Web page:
partners operated the business until about 1818 when they sold to W.H. Backus and Dr. Fenn (Benn in some records.)
The location(s) of this glass house is in dispute. Maynard Hauck's grandmother, Lila Hauck, stated that it was originally
situated across the creek behind Maynard Hauck's house. There evidently was quite a bit of slag and cullet at this location in
the 1930's so perhaps it validates this theory. Mrs. Hauck said that the structure burned after a few years and that they built a
large one "over the road." In this statement, she is referring to what in later years became known as the Bliss farm, about two
miles southeast of Peterboro. There are several clay pits still in that area (some filled or bulldozed in) where they used to dig for
Members of the Hoffman family, plentiful in the township, were employed here also. From 1820 to 1830, the population of
Smithfield was larger than it has ever been since, due to the many workers required to operate a glassworks. The facilty
contained twelve pots and ceased operations about 1830 when the furnaces were blown out and never relighted.
It is this glass house that is credited with producing the glass window panes in the Langberg home on Park Street in
Peterboro. This house was built by Elisha Carrington, an agent for window glass at Peterboro in 1811.
This second glass house was a wooden structure 80 feet long by 50 feet wide. It was built with hand hewn beams. When
it was destroyed by fire on Friday, May 19, 1964, it was being used to store antique furniture, cutters, plows, and carriages.
Other Glass Facts (or Fancy?)
: In his 1899 Our County and Its People
, John E. Smith writes that an old
Smithfield account book of 1809 contained entries of "whiskey for the glass blowers." William Tuttle, in Pioneers of Madison
, lists a Francis Galliger who agreed to work for Peter Smith in the glass factory at Peterboro for 10 shillings a day--
this was in 1810. Probably this is the Francis Gallin
ger who died in Smithfield on June 1, 1833.
As stated previously, the Peterboro glass houses were concerned primarily with the manufacture of window glass. However,
they also made whiskey jugs, bottles and jars of all types, flasks, demijohns, bowls and canes.
Peterboro glass can be distinguished by its deep bluish-green color. Later, when the bleaching process was perfected,
the products still had a purplish-white cast.
Grace Woodbury Ingalls (Mrs. Hollis) who lived in the present-day Spokowsky residence, owned eleven pieces of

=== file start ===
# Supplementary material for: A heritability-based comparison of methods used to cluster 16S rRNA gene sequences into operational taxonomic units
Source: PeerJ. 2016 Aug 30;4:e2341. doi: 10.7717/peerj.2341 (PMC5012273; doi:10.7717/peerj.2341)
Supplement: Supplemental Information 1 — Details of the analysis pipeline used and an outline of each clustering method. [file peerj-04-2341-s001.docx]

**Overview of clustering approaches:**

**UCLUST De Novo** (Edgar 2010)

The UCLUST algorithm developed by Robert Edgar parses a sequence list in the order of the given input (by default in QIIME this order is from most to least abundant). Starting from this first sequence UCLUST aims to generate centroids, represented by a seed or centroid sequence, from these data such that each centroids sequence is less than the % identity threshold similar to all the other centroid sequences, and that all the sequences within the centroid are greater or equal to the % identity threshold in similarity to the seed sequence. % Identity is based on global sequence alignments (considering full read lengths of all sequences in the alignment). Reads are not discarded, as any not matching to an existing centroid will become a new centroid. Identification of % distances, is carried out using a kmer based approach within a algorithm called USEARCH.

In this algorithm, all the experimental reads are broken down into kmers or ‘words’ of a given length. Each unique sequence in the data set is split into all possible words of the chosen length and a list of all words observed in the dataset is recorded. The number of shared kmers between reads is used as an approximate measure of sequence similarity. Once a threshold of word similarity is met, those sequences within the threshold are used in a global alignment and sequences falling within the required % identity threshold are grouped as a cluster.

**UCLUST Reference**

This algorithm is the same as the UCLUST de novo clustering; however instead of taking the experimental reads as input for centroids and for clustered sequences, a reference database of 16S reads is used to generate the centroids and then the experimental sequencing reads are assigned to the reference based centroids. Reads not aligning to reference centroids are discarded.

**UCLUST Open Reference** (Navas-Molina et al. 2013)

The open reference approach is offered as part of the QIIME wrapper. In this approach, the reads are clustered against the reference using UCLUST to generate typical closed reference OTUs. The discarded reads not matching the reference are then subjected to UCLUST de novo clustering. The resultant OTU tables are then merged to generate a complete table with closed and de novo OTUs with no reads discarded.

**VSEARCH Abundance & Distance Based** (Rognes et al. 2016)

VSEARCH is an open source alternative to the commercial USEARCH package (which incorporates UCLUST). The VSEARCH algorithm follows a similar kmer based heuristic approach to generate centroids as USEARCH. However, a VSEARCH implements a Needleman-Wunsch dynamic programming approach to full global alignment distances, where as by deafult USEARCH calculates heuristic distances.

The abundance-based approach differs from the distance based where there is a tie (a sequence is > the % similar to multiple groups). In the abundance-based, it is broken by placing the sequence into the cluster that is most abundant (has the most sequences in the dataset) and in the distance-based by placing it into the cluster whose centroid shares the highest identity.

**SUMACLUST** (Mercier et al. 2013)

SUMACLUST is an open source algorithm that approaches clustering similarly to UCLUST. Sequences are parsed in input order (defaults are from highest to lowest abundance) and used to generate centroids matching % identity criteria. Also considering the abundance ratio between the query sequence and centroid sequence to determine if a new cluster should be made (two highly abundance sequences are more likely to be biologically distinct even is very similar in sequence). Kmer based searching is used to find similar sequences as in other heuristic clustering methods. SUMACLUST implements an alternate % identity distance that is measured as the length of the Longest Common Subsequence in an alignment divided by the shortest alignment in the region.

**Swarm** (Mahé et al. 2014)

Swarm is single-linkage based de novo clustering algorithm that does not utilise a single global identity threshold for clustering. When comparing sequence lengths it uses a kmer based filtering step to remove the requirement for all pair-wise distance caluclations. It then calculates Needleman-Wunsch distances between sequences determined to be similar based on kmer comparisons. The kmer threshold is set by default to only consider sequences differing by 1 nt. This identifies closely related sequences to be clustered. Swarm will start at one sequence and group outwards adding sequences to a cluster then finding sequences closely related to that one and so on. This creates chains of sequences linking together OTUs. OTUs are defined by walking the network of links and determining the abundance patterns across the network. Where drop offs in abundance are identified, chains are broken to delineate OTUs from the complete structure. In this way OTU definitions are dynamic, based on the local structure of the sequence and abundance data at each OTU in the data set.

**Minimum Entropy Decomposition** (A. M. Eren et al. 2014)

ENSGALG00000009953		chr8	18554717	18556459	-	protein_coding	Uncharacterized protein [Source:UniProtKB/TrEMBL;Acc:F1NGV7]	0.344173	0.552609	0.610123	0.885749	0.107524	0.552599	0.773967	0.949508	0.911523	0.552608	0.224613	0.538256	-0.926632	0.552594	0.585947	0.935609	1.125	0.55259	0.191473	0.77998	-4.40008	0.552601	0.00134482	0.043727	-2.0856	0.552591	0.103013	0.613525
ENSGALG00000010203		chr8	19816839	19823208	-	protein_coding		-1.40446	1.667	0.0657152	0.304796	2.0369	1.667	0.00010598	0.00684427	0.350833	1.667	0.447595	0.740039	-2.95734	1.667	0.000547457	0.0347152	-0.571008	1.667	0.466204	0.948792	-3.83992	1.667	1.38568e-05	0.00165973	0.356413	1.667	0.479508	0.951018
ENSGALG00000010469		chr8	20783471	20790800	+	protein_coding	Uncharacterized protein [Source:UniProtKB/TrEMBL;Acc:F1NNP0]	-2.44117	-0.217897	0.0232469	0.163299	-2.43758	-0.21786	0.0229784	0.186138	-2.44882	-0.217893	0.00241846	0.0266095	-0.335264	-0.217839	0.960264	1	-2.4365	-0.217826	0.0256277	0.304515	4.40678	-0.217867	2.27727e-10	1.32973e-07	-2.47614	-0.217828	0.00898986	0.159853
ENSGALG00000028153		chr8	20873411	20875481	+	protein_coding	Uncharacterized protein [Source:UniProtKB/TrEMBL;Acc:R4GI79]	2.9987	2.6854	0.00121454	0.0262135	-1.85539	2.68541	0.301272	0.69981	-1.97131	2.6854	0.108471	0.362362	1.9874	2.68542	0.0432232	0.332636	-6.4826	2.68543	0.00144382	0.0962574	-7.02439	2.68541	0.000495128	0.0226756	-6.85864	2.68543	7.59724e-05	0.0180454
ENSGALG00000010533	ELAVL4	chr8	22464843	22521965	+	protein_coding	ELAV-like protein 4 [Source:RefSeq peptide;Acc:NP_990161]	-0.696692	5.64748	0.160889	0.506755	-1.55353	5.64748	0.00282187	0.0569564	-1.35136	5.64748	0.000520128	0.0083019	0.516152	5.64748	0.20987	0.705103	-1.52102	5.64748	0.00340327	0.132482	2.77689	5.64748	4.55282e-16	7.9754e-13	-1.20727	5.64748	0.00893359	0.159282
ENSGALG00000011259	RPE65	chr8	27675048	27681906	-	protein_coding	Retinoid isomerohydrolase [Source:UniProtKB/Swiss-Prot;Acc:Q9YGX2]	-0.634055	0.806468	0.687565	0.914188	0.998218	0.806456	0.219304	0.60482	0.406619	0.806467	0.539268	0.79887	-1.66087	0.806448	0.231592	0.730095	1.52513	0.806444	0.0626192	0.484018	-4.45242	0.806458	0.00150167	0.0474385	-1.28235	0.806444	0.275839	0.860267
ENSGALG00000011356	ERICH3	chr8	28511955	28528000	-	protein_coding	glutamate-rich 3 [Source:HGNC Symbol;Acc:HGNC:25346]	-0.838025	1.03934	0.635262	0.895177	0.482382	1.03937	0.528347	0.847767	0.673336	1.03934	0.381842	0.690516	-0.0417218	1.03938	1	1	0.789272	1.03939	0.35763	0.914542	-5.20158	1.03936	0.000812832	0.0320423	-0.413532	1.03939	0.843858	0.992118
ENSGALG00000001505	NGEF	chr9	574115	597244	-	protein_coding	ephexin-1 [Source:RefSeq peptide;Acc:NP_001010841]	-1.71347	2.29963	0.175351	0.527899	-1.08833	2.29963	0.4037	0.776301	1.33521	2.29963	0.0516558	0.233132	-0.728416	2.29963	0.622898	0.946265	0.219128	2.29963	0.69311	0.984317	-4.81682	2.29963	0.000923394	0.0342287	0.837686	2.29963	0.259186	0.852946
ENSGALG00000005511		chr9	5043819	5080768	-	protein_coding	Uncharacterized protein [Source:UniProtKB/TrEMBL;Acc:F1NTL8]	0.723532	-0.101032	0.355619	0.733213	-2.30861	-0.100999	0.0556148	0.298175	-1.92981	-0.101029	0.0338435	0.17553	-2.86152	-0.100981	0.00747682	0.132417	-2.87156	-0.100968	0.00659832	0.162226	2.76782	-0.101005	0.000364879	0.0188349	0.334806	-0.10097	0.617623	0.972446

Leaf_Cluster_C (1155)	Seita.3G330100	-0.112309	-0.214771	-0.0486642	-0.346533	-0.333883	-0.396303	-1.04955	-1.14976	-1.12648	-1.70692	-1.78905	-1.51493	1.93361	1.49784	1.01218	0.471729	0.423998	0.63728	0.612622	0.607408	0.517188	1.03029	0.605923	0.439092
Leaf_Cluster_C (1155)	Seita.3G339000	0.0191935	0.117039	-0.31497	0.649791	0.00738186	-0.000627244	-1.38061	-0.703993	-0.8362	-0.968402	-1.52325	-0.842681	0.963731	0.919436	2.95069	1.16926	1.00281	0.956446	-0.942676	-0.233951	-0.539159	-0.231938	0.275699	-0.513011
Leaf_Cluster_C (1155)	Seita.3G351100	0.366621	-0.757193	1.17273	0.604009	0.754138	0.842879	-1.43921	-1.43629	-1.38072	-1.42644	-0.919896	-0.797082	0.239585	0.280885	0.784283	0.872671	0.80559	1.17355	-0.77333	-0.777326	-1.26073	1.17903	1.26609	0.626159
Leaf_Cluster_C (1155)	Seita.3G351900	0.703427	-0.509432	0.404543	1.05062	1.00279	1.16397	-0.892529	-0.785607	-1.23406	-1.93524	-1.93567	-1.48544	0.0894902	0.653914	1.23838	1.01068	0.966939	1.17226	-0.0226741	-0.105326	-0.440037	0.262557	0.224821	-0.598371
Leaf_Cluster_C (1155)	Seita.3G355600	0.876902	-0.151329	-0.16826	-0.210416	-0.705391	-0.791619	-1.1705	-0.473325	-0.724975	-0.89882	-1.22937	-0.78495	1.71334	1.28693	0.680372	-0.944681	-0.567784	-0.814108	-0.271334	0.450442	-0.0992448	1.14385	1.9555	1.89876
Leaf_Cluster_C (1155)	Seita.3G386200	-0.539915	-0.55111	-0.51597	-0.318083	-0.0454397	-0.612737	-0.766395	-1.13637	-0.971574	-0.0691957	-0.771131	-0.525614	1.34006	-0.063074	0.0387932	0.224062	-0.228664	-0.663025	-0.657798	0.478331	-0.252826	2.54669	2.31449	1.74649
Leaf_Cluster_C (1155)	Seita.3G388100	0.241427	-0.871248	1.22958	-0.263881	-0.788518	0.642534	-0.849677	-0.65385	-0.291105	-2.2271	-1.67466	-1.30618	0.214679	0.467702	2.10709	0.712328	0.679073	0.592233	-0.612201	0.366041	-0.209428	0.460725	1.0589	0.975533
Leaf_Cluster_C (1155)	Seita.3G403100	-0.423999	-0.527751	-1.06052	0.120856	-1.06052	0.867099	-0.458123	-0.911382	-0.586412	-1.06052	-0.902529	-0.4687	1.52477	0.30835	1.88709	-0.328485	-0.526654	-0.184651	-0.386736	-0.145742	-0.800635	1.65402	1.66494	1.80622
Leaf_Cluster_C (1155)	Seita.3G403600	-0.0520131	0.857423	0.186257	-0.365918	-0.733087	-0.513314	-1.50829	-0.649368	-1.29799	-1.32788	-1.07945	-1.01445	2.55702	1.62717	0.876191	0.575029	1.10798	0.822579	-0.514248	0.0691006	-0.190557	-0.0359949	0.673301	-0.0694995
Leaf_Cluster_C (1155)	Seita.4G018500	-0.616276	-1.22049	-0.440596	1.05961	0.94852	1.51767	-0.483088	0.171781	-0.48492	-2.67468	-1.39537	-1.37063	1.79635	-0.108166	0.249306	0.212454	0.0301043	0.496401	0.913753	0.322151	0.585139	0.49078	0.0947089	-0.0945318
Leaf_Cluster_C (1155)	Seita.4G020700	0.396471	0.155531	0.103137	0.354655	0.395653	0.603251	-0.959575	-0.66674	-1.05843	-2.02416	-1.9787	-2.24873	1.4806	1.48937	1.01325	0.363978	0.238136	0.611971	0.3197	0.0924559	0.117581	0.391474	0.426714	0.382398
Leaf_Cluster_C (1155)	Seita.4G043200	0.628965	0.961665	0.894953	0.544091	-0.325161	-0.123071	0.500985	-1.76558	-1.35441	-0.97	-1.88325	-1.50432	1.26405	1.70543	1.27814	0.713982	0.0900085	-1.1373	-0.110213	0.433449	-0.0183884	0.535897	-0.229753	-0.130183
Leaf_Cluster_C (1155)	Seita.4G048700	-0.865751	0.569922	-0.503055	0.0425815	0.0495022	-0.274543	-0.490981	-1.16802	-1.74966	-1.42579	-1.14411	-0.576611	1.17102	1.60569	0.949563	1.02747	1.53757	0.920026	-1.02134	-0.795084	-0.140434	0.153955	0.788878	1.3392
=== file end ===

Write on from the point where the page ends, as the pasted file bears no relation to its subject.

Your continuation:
Peterboro glass, which, it is said, she purchased from the Hoffman descendants. Included in her collection was a glass rolling
pin filled with salt and colored pieces of cloth. The salt was put in the rolling pin in the early 1800s when a little girl emptied out
the whiskey a worker had put in it and substituted the salt. In 1938, Mrs. Ingalls was living at 514 Broad Street, Oneida. Also at
that time Mrs. Charles Marks of Kenwood owned one piece and Hope Allen, then residing in England, had two pieces. A
newspaper article of that year indicates that these fourteen pieces of Peterboro glass were the only ones in existence. Some of
Mrs. Ingalls' glass was given to the Madison County Historical Society.
The father of William Evans (who established the Evans Fund and for whom Evans Academy was named) was a stoker
in one of the glass factories at Peterboro. William (Billy) was born on September 4, 1811, in the village. Because the father was a
man of "dissolute habits", the family often had to depend on the charity of others. Billy never forgot the kindness shown to his
mother, himself, and his two siblings. After he made a fortune as a public works contractor in Jamaica Plains, Massachusetts, he
determined to repay the town of his birth. He returned to the scenes of his boyhood on his birthday, September 3, 1856, and
formally presented his gift. We might say that, had it not been for the existence of the Peterboro glass houses, the Evans family
would never have settled in Smithfield and the Evans Fund would never have existed.